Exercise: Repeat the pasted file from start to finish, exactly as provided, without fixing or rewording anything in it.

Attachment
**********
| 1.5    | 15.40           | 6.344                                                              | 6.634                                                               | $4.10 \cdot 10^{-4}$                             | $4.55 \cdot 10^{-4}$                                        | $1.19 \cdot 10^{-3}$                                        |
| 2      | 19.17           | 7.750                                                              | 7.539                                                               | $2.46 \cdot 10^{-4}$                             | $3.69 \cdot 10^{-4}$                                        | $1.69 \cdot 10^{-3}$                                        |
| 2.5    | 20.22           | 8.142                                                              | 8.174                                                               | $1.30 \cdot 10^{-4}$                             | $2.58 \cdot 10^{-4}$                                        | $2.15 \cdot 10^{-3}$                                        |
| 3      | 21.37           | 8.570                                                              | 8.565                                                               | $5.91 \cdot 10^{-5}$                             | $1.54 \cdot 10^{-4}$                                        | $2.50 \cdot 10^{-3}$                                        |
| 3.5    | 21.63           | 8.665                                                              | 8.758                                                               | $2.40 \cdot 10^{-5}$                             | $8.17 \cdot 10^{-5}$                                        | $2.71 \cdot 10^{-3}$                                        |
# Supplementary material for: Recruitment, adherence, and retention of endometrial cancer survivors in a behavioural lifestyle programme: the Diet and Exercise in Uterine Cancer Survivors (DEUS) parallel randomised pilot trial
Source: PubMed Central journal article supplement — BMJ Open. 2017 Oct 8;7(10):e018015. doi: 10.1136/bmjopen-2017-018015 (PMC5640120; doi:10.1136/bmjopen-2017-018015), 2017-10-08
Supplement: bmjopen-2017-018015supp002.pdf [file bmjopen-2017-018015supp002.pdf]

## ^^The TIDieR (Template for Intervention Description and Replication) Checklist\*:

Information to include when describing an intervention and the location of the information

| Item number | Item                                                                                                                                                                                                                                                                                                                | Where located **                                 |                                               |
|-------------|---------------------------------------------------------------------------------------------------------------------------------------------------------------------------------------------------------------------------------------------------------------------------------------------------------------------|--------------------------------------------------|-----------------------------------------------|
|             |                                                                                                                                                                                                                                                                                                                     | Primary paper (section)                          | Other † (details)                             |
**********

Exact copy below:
| 1.5    | 15.40           | 6.344                                                              | 6.634                                                               | $4.10 \cdot 10^{-4}$                             | $4.55 \cdot 10^{-4}$                                        | $1.19 \cdot 10^{-3}$                                        |
| 2      | 19.17           | 7.750                                                              | 7.539                                                               | $2.46 \cdot 10^{-4}$                             | $3.69 \cdot 10^{-4}$                                        | $1.69 \cdot 10^{-3}$                                        |
| 2.5    | 20.22           | 8.142                                                              | 8.174                                                               | $1.30 \cdot 10^{-4}$                             | $2.58 \cdot 10^{-4}$                                        | $2.15 \cdot 10^{-3}$                                        |
| 3      | 21.37           | 8.570                                                              | 8.565                                                               | $5.91 \cdot 10^{-5}$                             | $1.54 \cdot 10^{-4}$                                        | $2.50 \cdot 10^{-3}$                                        |
| 3.5    | 21.63           | 8.665                                                              | 8.758                                                               | $2.40 \cdot 10^{-5}$                             | $8.17 \cdot 10^{-5}$                                        | $2.71 \cdot 10^{-3}$                                        |
# Supplementary material for: Recruitment, adherence, and retention of endometrial cancer survivors in a behavioural lifestyle programme: the Diet and Exercise in Uterine Cancer Survivors (DEUS) parallel randomised pilot trial
Source: PubMed Central journal article supplement — BMJ Open. 2017 Oct 8;7(10):e018015. doi: 10.1136/bmjopen-2017-018015 (PMC5640120; doi:10.1136/bmjopen-2017-018015), 2017-10-08
Supplement: bmjopen-2017-018015supp002.pdf [file bmjopen-2017-018015supp002.pdf]

## ^^The TIDieR (Template for Intervention Description and Replication) Checklist\*:

Information to include when describing an intervention and the location of the information

| Item number | Item                                                                                                                                                                                                                                                                                                                | Where located **                                 |                                               |
|-------------|---------------------------------------------------------------------------------------------------------------------------------------------------------------------------------------------------------------------------------------------------------------------------------------------------------------------|--------------------------------------------------|-----------------------------------------------|
|             |                                                                                                                                                                                                                                                                                                                     | Primary paper (section)                          | Other † (details)                             |